The progressive left still doesn't understand. Evangelicals favored Donald Trump over Hillary Clinton by 5-to-1. Catholics favored Obama in 2008 and 2012, but Pew Research found them favoring Trump over Clinton 52to 45 percent, though a later report shows them split more or less evenly between the two.
Progressives wonder why any Christians would support such a sinful figure as Mr. Trump.
Answer: Because secular personalities can’t comprehend the religious scruples of people who resist liberal dogma on sexual matters.
The case of Jack Phillips, who appeared before the Supreme Court last month, illustrates their blindness. Phillips is the Colorado baker who violated state anti-discrimination rules when he declined on religious grounds to create a cake for a same-sex wedding. The couple filed suit, and for three years Phillips has fought a legal battle. The Supreme Court accepted his case and heard oral arguments on Dec. 5, 2017.
Here is how some of the media reported on the session:
Newsweek opened its coverage by judging the case a question of "whether same-sex couples can be discriminated against under the cover of religious freedom." The Denver Post termed Phillips' citation of his First Amendment rights "a deception."
A Chicago Tribune columnist claimed, "In this case, religious intolerance was the driving force behind this discriminatory act, though it has been dressed up to appear to be something more complex."
The Nation ran a story on Phillips' counsel, the Alliance for Defending Freedom, ( which cast the ADF as a project out to "curtail LGBTQ rights under the guise of religious freedom."
A "cover," "deception," "dressed up," a "guise." Religious conscience, you see, is a fraud.
It doesn’t matter that Phillips doesn't object to serving gay customers, who have bought his creations for years. Or that he told this particular couple that he would sell them any of his goods off the shelf, that his only difficulty was custom-designing a cake for a same-sex wedding, which would implicate him in a ceremony that would cross his religious convictions.
No, those facts don’t matter. Progressives simply don't take his convictions seriously. They don’t even believe that they are real. It’s all merely a front.
Don't assume that religious conservatives haven't noticed this characterization. When a commentator terms their religion a sham, when they dismiss obedience to sacred text as a guise for bias against people different from themselves, well, the exchange is over.
They know who the bullies are — not the family business that makes no distinctions among people, but only holds off from what it considers heretical actions. No, it's the two gay lawyers from Massachusetts who found it too onerous to visit a nearby bakery that would be happy to make their cake.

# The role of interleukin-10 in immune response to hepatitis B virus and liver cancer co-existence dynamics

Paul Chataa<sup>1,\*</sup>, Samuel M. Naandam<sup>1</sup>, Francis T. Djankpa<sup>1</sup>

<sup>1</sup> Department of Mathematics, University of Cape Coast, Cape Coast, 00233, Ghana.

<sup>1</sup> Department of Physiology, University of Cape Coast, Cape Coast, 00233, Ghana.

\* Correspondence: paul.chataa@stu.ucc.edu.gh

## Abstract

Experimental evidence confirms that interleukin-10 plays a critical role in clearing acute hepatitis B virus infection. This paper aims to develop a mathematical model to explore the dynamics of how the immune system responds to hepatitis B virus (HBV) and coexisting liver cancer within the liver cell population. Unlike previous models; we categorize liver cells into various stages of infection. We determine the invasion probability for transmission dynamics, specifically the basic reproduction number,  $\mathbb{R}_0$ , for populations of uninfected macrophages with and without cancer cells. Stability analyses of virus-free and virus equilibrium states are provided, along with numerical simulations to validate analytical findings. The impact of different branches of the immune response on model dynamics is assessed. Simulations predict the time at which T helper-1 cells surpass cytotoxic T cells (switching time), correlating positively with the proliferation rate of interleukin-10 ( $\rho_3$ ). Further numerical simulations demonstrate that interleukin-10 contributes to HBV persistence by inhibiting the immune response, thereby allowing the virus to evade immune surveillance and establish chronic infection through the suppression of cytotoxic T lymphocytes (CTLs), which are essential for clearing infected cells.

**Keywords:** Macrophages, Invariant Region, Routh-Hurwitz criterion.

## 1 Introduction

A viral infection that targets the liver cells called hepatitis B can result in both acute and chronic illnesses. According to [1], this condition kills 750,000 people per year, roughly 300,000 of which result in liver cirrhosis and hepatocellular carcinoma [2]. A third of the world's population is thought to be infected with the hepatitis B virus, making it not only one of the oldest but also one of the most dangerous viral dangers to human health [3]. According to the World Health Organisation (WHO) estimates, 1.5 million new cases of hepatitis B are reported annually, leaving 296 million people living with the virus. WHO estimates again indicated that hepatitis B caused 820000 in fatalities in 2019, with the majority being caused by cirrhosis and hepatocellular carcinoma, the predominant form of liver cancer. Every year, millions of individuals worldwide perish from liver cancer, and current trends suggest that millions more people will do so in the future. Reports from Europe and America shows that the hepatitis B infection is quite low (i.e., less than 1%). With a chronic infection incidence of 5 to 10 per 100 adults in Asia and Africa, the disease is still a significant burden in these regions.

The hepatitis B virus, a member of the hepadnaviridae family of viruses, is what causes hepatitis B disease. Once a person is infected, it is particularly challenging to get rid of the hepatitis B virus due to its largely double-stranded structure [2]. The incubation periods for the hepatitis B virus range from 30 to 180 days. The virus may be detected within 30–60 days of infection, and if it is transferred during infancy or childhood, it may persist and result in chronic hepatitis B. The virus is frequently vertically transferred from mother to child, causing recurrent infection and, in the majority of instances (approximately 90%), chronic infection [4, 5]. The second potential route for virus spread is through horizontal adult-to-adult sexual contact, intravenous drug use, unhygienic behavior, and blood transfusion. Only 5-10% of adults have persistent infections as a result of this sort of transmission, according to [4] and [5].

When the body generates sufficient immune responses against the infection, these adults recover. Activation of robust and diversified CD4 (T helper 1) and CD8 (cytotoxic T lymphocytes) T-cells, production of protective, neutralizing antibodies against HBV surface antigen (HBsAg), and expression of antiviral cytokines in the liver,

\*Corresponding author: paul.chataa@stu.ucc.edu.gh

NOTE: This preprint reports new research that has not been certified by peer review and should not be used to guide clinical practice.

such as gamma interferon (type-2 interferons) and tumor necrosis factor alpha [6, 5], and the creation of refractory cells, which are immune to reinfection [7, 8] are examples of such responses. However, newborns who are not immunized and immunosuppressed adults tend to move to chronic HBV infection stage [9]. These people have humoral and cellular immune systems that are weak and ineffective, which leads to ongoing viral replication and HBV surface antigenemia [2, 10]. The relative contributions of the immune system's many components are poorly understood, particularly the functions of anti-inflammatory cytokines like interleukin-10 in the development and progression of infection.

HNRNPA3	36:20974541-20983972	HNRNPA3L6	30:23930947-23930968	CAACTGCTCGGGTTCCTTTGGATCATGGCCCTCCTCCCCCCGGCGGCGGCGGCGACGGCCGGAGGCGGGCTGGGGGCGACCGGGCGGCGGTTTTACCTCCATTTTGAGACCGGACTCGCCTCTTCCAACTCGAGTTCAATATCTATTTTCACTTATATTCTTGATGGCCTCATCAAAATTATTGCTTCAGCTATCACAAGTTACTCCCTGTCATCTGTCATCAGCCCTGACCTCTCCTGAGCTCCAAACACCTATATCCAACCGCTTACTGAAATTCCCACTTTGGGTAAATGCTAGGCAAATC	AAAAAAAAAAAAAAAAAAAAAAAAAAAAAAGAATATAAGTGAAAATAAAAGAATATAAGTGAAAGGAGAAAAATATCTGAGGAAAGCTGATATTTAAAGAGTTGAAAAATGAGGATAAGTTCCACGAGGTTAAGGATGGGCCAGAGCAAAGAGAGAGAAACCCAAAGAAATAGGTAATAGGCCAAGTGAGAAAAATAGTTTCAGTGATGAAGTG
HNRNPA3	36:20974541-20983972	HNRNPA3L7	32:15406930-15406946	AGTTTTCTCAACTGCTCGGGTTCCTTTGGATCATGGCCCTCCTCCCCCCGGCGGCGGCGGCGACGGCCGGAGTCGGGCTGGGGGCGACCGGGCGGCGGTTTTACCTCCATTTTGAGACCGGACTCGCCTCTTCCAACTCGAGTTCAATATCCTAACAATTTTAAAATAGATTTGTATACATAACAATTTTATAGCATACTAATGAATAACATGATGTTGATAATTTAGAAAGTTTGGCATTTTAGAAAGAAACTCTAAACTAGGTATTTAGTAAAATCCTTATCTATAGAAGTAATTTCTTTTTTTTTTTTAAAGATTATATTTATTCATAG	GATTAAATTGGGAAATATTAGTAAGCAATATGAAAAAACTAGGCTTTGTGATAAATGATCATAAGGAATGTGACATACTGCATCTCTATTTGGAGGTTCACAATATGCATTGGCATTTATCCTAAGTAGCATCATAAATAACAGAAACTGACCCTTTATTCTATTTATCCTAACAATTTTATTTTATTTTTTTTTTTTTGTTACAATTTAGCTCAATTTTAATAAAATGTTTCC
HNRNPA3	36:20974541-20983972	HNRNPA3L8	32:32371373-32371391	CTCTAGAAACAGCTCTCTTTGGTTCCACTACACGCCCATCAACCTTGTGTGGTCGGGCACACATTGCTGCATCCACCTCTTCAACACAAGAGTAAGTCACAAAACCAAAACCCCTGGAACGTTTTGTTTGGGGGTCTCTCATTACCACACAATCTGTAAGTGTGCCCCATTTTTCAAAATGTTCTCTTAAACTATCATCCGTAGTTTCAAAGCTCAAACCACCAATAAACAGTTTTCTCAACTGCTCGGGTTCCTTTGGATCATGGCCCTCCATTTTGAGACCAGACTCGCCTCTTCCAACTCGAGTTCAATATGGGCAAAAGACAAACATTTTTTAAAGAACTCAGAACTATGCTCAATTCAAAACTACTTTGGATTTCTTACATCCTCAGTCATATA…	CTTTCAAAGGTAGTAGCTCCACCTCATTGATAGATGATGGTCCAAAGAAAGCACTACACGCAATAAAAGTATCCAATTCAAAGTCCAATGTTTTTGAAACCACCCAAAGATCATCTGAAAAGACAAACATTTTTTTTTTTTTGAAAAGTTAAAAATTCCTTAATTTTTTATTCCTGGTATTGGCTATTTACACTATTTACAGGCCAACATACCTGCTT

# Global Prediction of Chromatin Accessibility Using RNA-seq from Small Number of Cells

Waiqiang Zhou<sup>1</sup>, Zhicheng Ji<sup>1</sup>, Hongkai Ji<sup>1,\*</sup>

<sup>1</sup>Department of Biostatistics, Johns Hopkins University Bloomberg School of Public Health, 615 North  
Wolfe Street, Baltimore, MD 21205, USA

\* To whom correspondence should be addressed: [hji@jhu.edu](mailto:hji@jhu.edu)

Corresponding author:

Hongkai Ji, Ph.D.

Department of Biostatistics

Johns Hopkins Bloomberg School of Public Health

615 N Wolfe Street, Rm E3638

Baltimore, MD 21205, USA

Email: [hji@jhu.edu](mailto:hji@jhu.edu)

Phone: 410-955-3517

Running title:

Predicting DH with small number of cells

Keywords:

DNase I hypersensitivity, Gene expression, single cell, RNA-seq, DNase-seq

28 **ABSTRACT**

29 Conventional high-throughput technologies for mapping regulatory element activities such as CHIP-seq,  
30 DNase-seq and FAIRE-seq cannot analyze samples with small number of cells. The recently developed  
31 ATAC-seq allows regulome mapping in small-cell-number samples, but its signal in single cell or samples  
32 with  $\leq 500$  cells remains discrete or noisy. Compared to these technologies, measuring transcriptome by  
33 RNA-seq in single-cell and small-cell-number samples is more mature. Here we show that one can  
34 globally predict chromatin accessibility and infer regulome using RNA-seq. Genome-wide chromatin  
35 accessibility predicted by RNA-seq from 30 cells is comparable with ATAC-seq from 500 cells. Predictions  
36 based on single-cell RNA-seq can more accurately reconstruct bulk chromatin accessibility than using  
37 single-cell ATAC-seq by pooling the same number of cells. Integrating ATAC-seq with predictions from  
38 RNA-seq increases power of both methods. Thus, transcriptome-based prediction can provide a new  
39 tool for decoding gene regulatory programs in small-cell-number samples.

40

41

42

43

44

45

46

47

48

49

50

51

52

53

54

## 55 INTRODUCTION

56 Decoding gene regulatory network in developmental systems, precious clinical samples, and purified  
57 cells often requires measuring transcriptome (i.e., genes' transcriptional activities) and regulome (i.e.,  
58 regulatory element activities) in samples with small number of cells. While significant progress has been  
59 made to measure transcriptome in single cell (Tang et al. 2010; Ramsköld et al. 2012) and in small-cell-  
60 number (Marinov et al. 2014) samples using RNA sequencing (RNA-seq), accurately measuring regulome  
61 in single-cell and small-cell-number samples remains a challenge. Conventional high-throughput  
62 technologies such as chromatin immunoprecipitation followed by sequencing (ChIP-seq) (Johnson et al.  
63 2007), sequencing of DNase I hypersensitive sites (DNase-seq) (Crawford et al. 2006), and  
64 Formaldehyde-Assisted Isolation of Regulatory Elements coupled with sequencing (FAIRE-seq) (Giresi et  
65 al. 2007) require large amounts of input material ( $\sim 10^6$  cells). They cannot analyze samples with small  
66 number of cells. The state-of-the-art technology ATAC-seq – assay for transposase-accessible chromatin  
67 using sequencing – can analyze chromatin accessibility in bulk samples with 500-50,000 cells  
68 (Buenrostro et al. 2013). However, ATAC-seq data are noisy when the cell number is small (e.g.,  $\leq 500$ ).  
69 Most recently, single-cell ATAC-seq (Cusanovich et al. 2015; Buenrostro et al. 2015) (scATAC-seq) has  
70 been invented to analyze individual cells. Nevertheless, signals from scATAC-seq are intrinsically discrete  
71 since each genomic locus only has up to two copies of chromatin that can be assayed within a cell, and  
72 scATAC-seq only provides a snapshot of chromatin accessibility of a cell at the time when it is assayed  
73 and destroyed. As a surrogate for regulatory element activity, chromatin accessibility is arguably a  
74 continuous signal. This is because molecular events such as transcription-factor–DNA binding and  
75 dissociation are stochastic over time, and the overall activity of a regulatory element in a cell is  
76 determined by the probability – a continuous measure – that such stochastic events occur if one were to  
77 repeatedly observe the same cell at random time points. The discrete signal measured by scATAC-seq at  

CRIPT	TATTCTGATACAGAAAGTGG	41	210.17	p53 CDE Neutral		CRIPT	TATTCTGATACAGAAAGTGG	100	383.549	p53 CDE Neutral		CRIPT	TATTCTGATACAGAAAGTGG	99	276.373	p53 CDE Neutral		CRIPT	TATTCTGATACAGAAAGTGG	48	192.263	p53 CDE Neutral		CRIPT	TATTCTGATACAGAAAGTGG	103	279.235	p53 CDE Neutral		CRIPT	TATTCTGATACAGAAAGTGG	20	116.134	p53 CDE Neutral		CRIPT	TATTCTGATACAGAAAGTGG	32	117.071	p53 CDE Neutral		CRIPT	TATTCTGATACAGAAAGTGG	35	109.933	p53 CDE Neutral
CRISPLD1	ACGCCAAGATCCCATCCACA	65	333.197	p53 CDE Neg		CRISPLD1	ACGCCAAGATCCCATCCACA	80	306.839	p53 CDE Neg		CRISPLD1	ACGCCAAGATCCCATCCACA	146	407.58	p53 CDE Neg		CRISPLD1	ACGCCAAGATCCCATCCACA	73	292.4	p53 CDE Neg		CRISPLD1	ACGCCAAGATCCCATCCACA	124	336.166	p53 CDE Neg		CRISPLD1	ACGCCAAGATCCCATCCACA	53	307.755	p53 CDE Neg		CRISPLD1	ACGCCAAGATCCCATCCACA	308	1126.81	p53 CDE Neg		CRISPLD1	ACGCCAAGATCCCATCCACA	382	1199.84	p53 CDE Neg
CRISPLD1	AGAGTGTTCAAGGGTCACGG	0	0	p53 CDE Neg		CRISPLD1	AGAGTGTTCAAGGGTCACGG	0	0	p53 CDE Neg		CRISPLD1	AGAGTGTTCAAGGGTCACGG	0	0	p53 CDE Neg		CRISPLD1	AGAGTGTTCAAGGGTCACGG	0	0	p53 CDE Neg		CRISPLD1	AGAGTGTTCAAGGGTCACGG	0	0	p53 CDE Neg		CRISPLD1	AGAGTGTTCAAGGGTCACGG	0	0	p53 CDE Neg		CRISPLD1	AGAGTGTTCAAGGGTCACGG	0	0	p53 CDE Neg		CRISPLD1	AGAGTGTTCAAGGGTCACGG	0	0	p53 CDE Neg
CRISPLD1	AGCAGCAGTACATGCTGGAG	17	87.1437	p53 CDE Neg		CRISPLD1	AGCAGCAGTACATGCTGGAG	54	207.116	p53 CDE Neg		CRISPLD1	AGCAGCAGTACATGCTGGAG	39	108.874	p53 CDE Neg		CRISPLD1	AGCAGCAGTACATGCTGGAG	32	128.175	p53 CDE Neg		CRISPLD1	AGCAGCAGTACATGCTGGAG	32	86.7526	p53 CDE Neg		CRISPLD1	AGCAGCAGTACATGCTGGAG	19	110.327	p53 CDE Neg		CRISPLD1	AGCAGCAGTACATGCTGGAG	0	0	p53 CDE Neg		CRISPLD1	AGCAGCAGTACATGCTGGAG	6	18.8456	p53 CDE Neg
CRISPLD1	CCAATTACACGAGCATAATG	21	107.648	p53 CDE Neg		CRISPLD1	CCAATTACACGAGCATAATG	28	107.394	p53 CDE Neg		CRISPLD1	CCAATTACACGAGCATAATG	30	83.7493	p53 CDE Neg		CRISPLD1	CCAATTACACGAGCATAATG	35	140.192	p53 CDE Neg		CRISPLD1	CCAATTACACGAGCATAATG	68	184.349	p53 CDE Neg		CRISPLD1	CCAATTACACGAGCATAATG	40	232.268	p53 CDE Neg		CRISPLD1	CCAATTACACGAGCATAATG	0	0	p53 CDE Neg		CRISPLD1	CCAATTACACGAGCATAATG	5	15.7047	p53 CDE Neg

And don't overlook the hammer of the state, either. After the complaint was lodged against Mr. Phillips, the Colorado Civil Rights Commission forced Mr. Phillips to serve same-sex weddings or stop doing wedding cakes altogether (his choice was number 2). They demanded training sessions for his employees plus regular written reports on their "progress."
One commissioner declared at the hearing,"Freedom of religion and religion has been used to justify all kinds of discrimination throughout history, whether it be slavery, whether it be the Holocaust . . . . And to me it is one of the most despicable pieces of rhetoric that people can use . . . their religion to hurt others."
Again, religious faith is a fake, a tool to use against others. The formula does two things. One, it says that the Christians are the aggressors in the case. And two, it turns religion into a power play against innocent victims.
This is just the kind of imputation that infuriates its target. The religious conservative hears it said that his religion, his God, makes him into a nasty, dishonest human being.
But from where he sits, the gargantuan force of the state, not to mention the money and power of mega-corporations such as Apple and Google, falls squarely on the other side. And he doesn’t think he’s so bad for obeying his church.
November 2018 will be an easy decision. Keep telling him that he and his Bible are awful, and he's voting for the right.
Mark Bauerlein is Professor of English at Emory University and Senior Editor at First Things Magazine. To read more of his reports — Click Here Now.
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